Taking the leap towards your authentic path can be scary. But Marie Benedict—who left a lucrative legal career to become a bestselling The New York Times author—shared some words of encouragement on International Women’s Day.
This transcript has been generated by an AI tool.
00:06 - 01:00
Welcome to Women and Wealth. I'm Beata Kirr Co-Head Investment Strategies at Bernstein, and this podcast aims to educate and inspire women to make the right choices for their wealth. Hello everyone. I'm so excited to share excerpts from a fantastic that we held on International Women's Day featuring Marie Benedict. Maria is a three time New York Times best selling author of historical fiction novels that profiled fascinating women whose moving stories and contributions to history have often been buried in the past. International Women's Day is really a day to celebrate everything that women have achieved and to raise awareness against bias. So we spoke to Marie about the women she's profiled as well as her own interesting career journey. It was a terrific and really uplifting conversation. So we wanted to give our listeners a chance to hear it in person here.
01:00 - 01:28
So to start off, Marie shared her own personal transition story. Despite all of her success, she did not start out as an author. In fact, she began her career as a corporate attorney and spent ten years at two of the country's premier law firms before pursuing a career in writing. In fact, growing up, she didn't even dream of becoming a writer, although her beloved aunt did light the spark by giving her Marion Zimmer Bradley's book, The Mists of Avalon.
01:30 - 02:11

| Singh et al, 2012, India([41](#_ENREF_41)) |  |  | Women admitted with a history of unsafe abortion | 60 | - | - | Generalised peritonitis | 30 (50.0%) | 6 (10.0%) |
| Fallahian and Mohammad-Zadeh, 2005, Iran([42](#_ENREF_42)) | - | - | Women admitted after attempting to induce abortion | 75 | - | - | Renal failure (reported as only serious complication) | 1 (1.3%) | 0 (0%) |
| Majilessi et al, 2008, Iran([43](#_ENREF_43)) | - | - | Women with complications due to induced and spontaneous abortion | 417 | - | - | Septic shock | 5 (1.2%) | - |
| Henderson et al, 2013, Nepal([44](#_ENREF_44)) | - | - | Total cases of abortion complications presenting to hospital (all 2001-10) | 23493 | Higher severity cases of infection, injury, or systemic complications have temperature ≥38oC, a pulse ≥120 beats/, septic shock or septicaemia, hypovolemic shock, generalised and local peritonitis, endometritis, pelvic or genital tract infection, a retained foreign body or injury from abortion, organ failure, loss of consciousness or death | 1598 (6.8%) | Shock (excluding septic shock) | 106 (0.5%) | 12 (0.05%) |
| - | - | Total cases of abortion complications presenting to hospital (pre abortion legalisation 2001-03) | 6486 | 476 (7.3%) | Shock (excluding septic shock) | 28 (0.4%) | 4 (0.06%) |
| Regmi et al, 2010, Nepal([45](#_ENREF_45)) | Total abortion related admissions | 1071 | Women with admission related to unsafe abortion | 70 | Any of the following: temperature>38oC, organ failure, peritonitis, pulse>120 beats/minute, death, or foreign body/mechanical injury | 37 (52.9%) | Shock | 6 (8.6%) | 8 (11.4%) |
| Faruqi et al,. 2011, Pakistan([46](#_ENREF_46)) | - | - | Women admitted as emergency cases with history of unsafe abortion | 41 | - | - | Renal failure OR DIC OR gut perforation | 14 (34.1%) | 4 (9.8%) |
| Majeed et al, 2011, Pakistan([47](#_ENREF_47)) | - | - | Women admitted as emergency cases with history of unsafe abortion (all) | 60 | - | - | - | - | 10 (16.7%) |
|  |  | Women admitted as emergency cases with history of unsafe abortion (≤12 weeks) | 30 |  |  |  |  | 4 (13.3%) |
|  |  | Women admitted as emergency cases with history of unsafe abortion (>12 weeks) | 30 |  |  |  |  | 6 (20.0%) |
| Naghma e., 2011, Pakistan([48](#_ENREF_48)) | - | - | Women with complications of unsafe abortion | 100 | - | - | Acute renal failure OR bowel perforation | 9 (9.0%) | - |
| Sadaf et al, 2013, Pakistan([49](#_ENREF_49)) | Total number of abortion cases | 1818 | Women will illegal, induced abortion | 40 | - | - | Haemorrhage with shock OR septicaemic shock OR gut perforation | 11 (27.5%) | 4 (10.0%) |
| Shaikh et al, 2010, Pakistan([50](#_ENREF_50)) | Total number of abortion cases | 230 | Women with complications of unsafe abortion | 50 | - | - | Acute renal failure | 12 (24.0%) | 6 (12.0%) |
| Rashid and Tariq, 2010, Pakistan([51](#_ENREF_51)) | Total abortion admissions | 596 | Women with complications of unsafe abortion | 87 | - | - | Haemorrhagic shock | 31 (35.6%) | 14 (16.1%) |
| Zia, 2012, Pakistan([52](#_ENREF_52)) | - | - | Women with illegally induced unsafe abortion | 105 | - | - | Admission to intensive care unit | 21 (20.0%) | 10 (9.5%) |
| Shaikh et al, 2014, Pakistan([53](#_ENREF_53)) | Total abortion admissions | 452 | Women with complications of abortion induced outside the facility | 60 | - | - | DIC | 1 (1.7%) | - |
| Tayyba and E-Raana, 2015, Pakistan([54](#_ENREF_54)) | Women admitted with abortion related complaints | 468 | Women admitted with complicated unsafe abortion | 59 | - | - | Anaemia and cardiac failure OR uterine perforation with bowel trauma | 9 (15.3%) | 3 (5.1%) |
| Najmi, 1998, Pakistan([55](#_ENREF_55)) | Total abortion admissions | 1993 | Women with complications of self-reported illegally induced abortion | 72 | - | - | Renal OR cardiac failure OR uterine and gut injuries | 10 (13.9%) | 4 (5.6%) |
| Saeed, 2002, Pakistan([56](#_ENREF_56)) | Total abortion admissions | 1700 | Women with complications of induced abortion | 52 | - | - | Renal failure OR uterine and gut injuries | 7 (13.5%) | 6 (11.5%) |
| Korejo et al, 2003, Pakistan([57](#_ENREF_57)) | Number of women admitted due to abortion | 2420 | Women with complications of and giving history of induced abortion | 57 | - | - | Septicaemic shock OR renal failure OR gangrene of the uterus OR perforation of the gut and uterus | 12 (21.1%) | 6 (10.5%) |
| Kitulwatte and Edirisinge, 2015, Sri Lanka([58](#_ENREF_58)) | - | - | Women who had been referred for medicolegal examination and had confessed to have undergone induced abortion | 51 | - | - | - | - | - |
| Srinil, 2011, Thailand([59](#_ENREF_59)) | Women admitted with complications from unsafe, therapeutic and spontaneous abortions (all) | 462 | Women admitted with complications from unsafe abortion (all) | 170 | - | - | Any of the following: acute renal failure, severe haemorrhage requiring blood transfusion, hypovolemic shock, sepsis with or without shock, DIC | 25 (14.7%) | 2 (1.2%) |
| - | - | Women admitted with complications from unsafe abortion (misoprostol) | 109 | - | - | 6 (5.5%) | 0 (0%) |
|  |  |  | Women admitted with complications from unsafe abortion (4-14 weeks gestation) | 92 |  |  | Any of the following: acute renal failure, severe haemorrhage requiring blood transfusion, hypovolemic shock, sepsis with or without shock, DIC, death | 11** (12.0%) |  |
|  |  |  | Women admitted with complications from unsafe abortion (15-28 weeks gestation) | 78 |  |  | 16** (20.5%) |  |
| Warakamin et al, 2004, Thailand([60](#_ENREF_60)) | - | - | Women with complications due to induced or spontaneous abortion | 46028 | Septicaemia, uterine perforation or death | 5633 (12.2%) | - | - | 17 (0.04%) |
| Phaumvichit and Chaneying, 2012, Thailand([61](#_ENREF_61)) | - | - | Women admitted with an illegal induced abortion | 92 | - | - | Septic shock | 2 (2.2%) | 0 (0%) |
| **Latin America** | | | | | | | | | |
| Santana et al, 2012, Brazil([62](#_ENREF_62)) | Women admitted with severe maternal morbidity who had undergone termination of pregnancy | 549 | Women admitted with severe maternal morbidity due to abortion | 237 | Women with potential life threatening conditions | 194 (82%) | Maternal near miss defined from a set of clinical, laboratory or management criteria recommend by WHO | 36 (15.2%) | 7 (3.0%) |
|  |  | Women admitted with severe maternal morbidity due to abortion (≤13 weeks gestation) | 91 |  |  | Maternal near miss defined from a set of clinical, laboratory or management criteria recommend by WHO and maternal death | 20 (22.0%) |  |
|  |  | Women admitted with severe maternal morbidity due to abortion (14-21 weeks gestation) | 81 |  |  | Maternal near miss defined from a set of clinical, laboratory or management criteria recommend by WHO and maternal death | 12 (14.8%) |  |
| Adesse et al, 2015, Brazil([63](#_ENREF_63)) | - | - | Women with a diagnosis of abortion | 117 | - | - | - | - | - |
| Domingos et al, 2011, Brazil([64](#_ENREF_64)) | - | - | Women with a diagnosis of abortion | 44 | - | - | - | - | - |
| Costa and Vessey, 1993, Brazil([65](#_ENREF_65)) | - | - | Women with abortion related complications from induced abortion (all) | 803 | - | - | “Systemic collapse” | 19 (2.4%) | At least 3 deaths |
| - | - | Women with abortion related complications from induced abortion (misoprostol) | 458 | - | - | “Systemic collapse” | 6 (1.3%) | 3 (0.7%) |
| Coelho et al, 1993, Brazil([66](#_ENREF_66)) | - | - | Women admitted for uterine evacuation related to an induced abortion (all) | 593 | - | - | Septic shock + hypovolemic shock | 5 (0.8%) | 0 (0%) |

It's kind of an unlikely book to start this journey in some ways because it's fantasy. But it was a groundbreaking book for its time. It was a retelling of the Arthurian legend from the perspective of the women. So instead of King Arthur and the Knights of the Round Table, we had one of beer and Morgan would say same facts, totally different story. When we saw the same events through the lens of the women, the story changed right before my eyes, and it completely opened up my eyes to the fact that there were women's stories out there women's voices, women's history. It really changed the way I perceived the past.
02:11 - 02:59
So when I headed off to college, I went to Boston College undergrad. I followed that passion. I became a history major. I thought I'd become an archaeologist or a historian. But if you have any history majors in your lives, they always get asked the same question What are you going to do with that? And at the time I was graduating from Boston College, there was a big movement afoot to really encourage women to go to law school and enter the legal field for the first time and in large numbers. And I kind of got swept up in that wave. History, major friends of mine, women, we were all sort of swept off to law school. And I got detoured along the way, you know, listening to those societal voices telling me that that's what I should do, that I was fortunate to have the opportunity, which I was.
02:59 - 03:47